Our brewery was founded in
the first year of the Meiji Restoration, 1868, in Akitsu in Hiroshima Prefecture. Akitsu has the oldest sake-brewing history in Hiroshima, stretching back 400 years.
Akitsu, which faces the Inland Sea and has a population of about 13,000 people, once had 17 sake breweries, but now there are only three. Hiroshima, however, is still one of the most significant sake-brewing
regions in Japan, and is consistently among the top six prefectures nationwide in terms of annual sake production. Historically, the prefecture has always won many awards for its sake, and on occasion
has even swept the top three awards in the country. The sake we brew here at Imada Shuzo, called Fukucho, is very representative of this great Hiroshima style.
In general our sake is soft, clean and smooth, with a solid, lively fragrance. It is also a tad on the drier side. A full 60% of what we make is ginjo-shu; few places can say that. One major factor contributing to
the taste and feel of our sake is the water. Water in this region in very, very soft in comparison to most sake-brewing regions in Japan. It melts
and absorbs into the palate, taking flavor and fragrance with it, in a very unique way.
Our president, Yukinao Imada, knows the formula that goes into both making and enjoying great sake. "Water
and rice and the people that brew it are treated well and handled with care. Then, when it is ready for drinking, it must be served to people in the best environment possible. That is what makes it all work."
Working with him and sharing his vision is his daughter, Miho. Miho is now working intensely hard to do what few women have ever had a chance to do -- take
over a sake brewery. There is much to learn. Miho knows she must attain intimate knowledge of the sake-brewing process, and the sake itself, if she is to lead Imada Shuzo into the future. After
graduating from Meiji University, she began working for the cultural activities section in a Tokyo department store. But about six or seven years ago, she realized that "the brewery was without a successor, and I
saw no other option outside of taking over the family business." Says Miho: "It was then that sake brewing and its relationship to Japanese culture became interesting to me." Her father realized that the road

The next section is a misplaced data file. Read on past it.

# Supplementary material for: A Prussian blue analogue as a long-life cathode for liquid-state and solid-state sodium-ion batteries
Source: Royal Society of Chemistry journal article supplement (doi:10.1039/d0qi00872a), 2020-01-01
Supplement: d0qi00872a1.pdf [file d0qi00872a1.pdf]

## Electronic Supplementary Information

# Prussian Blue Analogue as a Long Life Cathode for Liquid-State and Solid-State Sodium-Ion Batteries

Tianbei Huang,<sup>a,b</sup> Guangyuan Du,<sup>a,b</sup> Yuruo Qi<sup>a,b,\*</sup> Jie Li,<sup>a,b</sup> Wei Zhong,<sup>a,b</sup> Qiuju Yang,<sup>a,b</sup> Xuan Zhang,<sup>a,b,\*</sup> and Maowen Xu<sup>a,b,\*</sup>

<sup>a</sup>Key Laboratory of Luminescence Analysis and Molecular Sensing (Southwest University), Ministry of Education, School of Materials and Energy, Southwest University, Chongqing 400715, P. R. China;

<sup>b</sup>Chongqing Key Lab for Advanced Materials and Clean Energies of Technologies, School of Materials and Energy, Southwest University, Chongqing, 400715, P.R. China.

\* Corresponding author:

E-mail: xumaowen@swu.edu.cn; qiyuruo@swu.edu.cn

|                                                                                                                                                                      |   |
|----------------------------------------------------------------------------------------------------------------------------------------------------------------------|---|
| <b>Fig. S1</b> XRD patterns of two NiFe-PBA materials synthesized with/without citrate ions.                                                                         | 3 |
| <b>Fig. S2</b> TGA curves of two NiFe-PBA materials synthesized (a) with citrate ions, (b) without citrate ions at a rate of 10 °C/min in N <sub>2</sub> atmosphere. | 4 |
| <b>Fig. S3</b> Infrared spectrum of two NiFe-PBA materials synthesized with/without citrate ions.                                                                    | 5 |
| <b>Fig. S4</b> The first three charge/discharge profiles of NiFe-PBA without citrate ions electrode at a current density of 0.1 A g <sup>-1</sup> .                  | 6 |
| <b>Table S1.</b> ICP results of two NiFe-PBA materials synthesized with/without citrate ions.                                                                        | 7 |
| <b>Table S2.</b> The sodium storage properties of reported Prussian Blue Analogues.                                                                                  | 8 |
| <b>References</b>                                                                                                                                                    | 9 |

would be full of challenges. "Sake brewing is hard work, so I could not insist that my daughter follow in my footsteps and handle the business."
But now, they work together for the future of Fukucho, and for the future of sake in Japan, and in the world.
Size and Special Characteristics
Our yearly production is quite small, about 1,000 koku. This amounts to about 180 kiloliters, or in other terms, 100,000 1.8-liter bottles (although
in actuality we use many different-sized bottles). This volume is perfect for the scale on which we brew, and each drop of sake can be watched with tender-loving care.
Our name, Fukucho, was given to us by a man living in the Meiji Era named Sanzaburo Miura. Miura was the man that helped make Hiroshima sake what it is today. Why? How? As mentioned earlier, the
water here in Hiroshima is very soft (i.e., low in mineral content). At first, we Hiroshima brewers were all trying to brew using methods like those in Nada, in Kobe, where the water is nice and hard. It was Miura who
realized the problem, and went to Kyoto where the water is soft. He learned the differences in brewing sake from hard water and soft water, and mastered the science. He then came back to Hiroshima, gathered
all the brewers together, and taught us what he had learned, and what we needed to know to brew the sake that we are now famous for. The rest is history. It is a great honor for us to have been given our name by
such an important individual, who will certainly live on in sake-brewing history.
Toji (Master Brewer) and Kurabito
Our current toji is Mr. Kiyotaka Yasuhiro.
He is a toji from, naturally enough, the Hiroshima school of toji, and has been with us many, many years. His skill, experience and intuition have long helped make Fukucho sake what it is. As one example of
the fruit of his experience, he knows it is necessary to prepare the koji, the heart of the sake-brewing process that breaks starches in the rice to sugars, at just slightly higher temperatures
at our brewery due to that soft water. This gives our sake the clean tail and lively feel that it has. Perhaps his most important job now is to teach Miho all he can to prepare her for the future!
3734 Mitsu Akitsucho, Higashi Hiroshima City, Hiroshima
729-2402, Tel 81-8464-5-0003 Fax 81-8464-5-3712
-- 81 is Japan country code; within Japan, dial 08464-5-0003 --
Web: http://www4.ocn.ne.jp/~fukucho/ (J)